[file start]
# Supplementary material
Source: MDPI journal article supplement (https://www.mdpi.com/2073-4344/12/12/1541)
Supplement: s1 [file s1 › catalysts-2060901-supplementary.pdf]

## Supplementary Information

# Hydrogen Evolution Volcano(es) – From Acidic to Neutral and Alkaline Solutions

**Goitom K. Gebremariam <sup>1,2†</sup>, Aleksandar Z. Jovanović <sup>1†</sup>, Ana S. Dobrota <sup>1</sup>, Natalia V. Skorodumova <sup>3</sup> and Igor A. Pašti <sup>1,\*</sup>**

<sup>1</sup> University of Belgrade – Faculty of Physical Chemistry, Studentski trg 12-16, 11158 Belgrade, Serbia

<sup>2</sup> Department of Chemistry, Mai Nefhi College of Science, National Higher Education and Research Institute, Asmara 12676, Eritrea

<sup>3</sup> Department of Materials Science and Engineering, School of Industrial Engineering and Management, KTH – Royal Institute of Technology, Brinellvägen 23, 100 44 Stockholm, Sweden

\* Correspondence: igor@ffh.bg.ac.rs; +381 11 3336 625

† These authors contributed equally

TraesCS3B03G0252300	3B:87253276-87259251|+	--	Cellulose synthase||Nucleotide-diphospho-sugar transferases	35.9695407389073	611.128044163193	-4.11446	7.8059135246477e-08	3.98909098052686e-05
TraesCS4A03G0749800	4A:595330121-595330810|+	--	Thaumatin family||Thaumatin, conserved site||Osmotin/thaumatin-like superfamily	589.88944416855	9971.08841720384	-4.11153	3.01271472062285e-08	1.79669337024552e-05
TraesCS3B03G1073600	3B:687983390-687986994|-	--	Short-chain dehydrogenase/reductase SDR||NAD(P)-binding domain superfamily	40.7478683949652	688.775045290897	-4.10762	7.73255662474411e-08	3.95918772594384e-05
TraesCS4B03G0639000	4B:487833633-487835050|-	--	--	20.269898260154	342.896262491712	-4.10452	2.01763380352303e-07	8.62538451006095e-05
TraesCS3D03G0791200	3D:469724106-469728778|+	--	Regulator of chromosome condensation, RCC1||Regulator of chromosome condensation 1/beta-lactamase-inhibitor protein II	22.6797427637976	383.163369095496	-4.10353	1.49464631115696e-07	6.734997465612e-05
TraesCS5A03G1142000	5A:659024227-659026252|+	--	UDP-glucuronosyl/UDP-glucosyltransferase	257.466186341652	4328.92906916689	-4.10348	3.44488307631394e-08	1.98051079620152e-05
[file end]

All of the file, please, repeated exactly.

# Supplementary material
Source: MDPI journal article supplement (https://www.mdpi.com/2073-4344/12/12/1541)
Supplement: s1 [file s1 › catalysts-2060901-supplementary.pdf]

## Supplementary Information

# Hydrogen Evolution Volcano(es) – From Acidic to Neutral and Alkaline Solutions

**Goitom K. Gebremariam <sup>1,2†</sup>, Aleksandar Z. Jovanović <sup>1†</sup>, Ana S. Dobrota <sup>1</sup>, Natalia V. Skorodumova <sup>3</sup> and Igor A. Pašti <sup>1,\*</sup>**

<sup>1</sup> University of Belgrade – Faculty of Physical Chemistry, Studentski trg 12-16, 11158 Belgrade, Serbia

<sup>2</sup> Department of Chemistry, Mai Nefhi College of Science, National Higher Education and Research Institute, Asmara 12676, Eritrea

<sup>3</sup> Department of Materials Science and Engineering, School of Industrial Engineering and Management, KTH – Royal Institute of Technology, Brinellvägen 23, 100 44 Stockholm, Sweden

\* Correspondence: igor@ffh.bg.ac.rs; +381 11 3336 625

† These authors contributed equally

TraesCS3B03G0252300	3B:87253276-87259251|+	--	Cellulose synthase||Nucleotide-diphospho-sugar transferases	35.9695407389073	611.128044163193	-4.11446	7.8059135246477e-08	3.98909098052686e-05
TraesCS4A03G0749800	4A:595330121-595330810|+	--	Thaumatin family||Thaumatin, conserved site||Osmotin/thaumatin-like superfamily	589.88944416855	9971.08841720384	-4.11153	3.01271472062285e-08	1.79669337024552e-05
TraesCS3B03G1073600	3B:687983390-687986994|-	--	Short-chain dehydrogenase/reductase SDR||NAD(P)-binding domain superfamily	40.7478683949652	688.775045290897	-4.10762	7.73255662474411e-08	3.95918772594384e-05
TraesCS4B03G0639000	4B:487833633-487835050|-	--	--	20.269898260154	342.896262491712	-4.10452	2.01763380352303e-07	8.62538451006095e-05
TraesCS3D03G0791200	3D:469724106-469728778|+	--	Regulator of chromosome condensation, RCC1||Regulator of chromosome condensation 1/beta-lactamase-inhibitor protein II	22.6797427637976	383.163369095496	-4.10353	1.49464631115696e-07	6.734997465612e-05
TraesCS5A03G1142000	5A:659024227-659026252|+	--	UDP-glucuronosyl/UDP-glucosyltransferase	257.466186341652	4328.92906916689	-4.10348	3.44488307631394e-08	1.98051079620152e-05